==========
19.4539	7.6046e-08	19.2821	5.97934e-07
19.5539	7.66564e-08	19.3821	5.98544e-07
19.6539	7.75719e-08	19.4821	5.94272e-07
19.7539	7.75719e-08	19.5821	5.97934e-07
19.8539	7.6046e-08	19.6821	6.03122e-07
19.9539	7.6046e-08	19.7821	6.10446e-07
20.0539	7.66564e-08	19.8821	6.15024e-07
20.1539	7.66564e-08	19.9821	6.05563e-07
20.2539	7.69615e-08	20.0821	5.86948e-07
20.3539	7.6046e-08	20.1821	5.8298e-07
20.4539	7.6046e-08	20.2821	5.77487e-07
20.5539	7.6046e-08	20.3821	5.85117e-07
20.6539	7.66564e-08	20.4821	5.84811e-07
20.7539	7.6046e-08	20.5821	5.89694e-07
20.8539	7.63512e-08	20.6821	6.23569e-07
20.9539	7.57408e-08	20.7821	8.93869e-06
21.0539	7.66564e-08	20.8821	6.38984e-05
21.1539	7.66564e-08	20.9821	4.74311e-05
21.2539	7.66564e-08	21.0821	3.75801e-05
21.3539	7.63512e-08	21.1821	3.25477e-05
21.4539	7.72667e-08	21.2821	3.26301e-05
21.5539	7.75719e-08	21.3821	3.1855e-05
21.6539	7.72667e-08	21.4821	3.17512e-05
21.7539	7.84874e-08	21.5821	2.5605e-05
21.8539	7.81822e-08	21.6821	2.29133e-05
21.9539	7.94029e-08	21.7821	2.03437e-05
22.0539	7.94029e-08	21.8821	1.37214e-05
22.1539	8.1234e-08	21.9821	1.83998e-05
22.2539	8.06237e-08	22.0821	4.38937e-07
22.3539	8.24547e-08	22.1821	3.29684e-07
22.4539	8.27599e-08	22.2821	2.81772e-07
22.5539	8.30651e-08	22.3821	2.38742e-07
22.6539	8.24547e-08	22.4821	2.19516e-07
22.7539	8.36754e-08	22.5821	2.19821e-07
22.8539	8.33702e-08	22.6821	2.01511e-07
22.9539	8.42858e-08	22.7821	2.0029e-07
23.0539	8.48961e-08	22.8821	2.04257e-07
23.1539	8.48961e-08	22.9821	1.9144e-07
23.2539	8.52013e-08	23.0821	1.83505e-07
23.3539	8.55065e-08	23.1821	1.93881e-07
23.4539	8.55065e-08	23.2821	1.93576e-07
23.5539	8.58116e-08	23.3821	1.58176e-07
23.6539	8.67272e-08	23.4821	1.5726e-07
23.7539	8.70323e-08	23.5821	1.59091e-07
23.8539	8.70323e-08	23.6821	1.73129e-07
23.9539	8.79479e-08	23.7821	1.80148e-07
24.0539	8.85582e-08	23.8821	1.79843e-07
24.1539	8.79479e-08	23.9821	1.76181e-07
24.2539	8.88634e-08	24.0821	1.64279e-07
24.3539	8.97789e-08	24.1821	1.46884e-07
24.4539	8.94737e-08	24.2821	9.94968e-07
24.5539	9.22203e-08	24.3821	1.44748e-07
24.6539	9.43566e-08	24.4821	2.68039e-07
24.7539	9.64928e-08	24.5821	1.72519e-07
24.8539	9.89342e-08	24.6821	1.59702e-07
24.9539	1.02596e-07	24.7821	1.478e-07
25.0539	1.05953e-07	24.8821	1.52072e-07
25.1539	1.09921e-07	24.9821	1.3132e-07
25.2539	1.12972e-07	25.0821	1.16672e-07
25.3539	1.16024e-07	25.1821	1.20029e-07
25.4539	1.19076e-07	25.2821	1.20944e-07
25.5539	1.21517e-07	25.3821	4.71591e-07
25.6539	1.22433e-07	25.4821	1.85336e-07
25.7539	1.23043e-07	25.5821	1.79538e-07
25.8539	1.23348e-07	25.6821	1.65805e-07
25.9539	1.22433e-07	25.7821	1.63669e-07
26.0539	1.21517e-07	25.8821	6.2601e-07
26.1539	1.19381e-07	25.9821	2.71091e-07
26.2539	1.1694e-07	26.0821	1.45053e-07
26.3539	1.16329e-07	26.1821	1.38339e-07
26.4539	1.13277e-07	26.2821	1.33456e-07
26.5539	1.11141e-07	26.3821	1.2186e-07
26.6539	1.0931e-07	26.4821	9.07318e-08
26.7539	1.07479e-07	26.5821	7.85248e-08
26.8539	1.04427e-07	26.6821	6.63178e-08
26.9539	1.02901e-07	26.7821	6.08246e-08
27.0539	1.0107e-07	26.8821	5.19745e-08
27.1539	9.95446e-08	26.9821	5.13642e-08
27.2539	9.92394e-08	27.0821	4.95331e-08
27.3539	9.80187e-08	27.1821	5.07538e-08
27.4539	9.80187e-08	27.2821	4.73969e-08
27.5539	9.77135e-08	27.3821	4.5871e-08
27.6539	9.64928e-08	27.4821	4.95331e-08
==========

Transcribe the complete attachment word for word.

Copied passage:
19.4539	7.6046e-08	19.2821	5.97934e-07
19.5539	7.66564e-08	19.3821	5.98544e-07
19.6539	7.75719e-08	19.4821	5.94272e-07
19.7539	7.75719e-08	19.5821	5.97934e-07
19.8539	7.6046e-08	19.6821	6.03122e-07
19.9539	7.6046e-08	19.7821	6.10446e-07
20.0539	7.66564e-08	19.8821	6.15024e-07
20.1539	7.66564e-08	19.9821	6.05563e-07
20.2539	7.69615e-08	20.0821	5.86948e-07
20.3539	7.6046e-08	20.1821	5.8298e-07
20.4539	7.6046e-08	20.2821	5.77487e-07
20.5539	7.6046e-08	20.3821	5.85117e-07
20.6539	7.66564e-08	20.4821	5.84811e-07
20.7539	7.6046e-08	20.5821	5.89694e-07
20.8539	7.63512e-08	20.6821	6.23569e-07
20.9539	7.57408e-08	20.7821	8.93869e-06
21.0539	7.66564e-08	20.8821	6.38984e-05
21.1539	7.66564e-08	20.9821	4.74311e-05
21.2539	7.66564e-08	21.0821	3.75801e-05
21.3539	7.63512e-08	21.1821	3.25477e-05
21.4539	7.72667e-08	21.2821	3.26301e-05
21.5539	7.75719e-08	21.3821	3.1855e-05
21.6539	7.72667e-08	21.4821	3.17512e-05
21.7539	7.84874e-08	21.5821	2.5605e-05
21.8539	7.81822e-08	21.6821	2.29133e-05
21.9539	7.94029e-08	21.7821	2.03437e-05
22.0539	7.94029e-08	21.8821	1.37214e-05
22.1539	8.1234e-08	21.9821	1.83998e-05
22.2539	8.06237e-08	22.0821	4.38937e-07
22.3539	8.24547e-08	22.1821	3.29684e-07
22.4539	8.27599e-08	22.2821	2.81772e-07
22.5539	8.30651e-08	22.3821	2.38742e-07
22.6539	8.24547e-08	22.4821	2.19516e-07
22.7539	8.36754e-08	22.5821	2.19821e-07
22.8539	8.33702e-08	22.6821	2.01511e-07
22.9539	8.42858e-08	22.7821	2.0029e-07
23.0539	8.48961e-08	22.8821	2.04257e-07
23.1539	8.48961e-08	22.9821	1.9144e-07
23.2539	8.52013e-08	23.0821	1.83505e-07
23.3539	8.55065e-08	23.1821	1.93881e-07
23.4539	8.55065e-08	23.2821	1.93576e-07
23.5539	8.58116e-08	23.3821	1.58176e-07
23.6539	8.67272e-08	23.4821	1.5726e-07
23.7539	8.70323e-08	23.5821	1.59091e-07
23.8539	8.70323e-08	23.6821	1.73129e-07
23.9539	8.79479e-08	23.7821	1.80148e-07
24.0539	8.85582e-08	23.8821	1.79843e-07
24.1539	8.79479e-08	23.9821	1.76181e-07
24.2539	8.88634e-08	24.0821	1.64279e-07
24.3539	8.97789e-08	24.1821	1.46884e-07
24.4539	8.94737e-08	24.2821	9.94968e-07
24.5539	9.22203e-08	24.3821	1.44748e-07
24.6539	9.43566e-08	24.4821	2.68039e-07
24.7539	9.64928e-08	24.5821	1.72519e-07
24.8539	9.89342e-08	24.6821	1.59702e-07
24.9539	1.02596e-07	24.7821	1.478e-07
25.0539	1.05953e-07	24.8821	1.52072e-07
25.1539	1.09921e-07	24.9821	1.3132e-07
25.2539	1.12972e-07	25.0821	1.16672e-07
25.3539	1.16024e-07	25.1821	1.20029e-07
25.4539	1.19076e-07	25.2821	1.20944e-07
25.5539	1.21517e-07	25.3821	4.71591e-07
25.6539	1.22433e-07	25.4821	1.85336e-07
25.7539	1.23043e-07	25.5821	1.79538e-07
25.8539	1.23348e-07	25.6821	1.65805e-07
25.9539	1.22433e-07	25.7821	1.63669e-07
26.0539	1.21517e-07	25.8821	6.2601e-07
26.1539	1.19381e-07	25.9821	2.71091e-07
26.2539	1.1694e-07	26.0821	1.45053e-07
26.3539	1.16329e-07	26.1821	1.38339e-07
26.4539	1.13277e-07	26.2821	1.33456e-07
26.5539	1.11141e-07	26.3821	1.2186e-07
26.6539	1.0931e-07	26.4821	9.07318e-08
26.7539	1.07479e-07	26.5821	7.85248e-08
26.8539	1.04427e-07	26.6821	6.63178e-08
26.9539	1.02901e-07	26.7821	6.08246e-08
27.0539	1.0107e-07	26.8821	5.19745e-08
27.1539	9.95446e-08	26.9821	5.13642e-08
27.2539	9.92394e-08	27.0821	4.95331e-08
27.3539	9.80187e-08	27.1821	5.07538e-08
27.4539	9.80187e-08	27.2821	4.73969e-08
27.5539	9.77135e-08	27.3821	4.5871e-08
27.6539	9.64928e-08	27.4821	4.95331e-08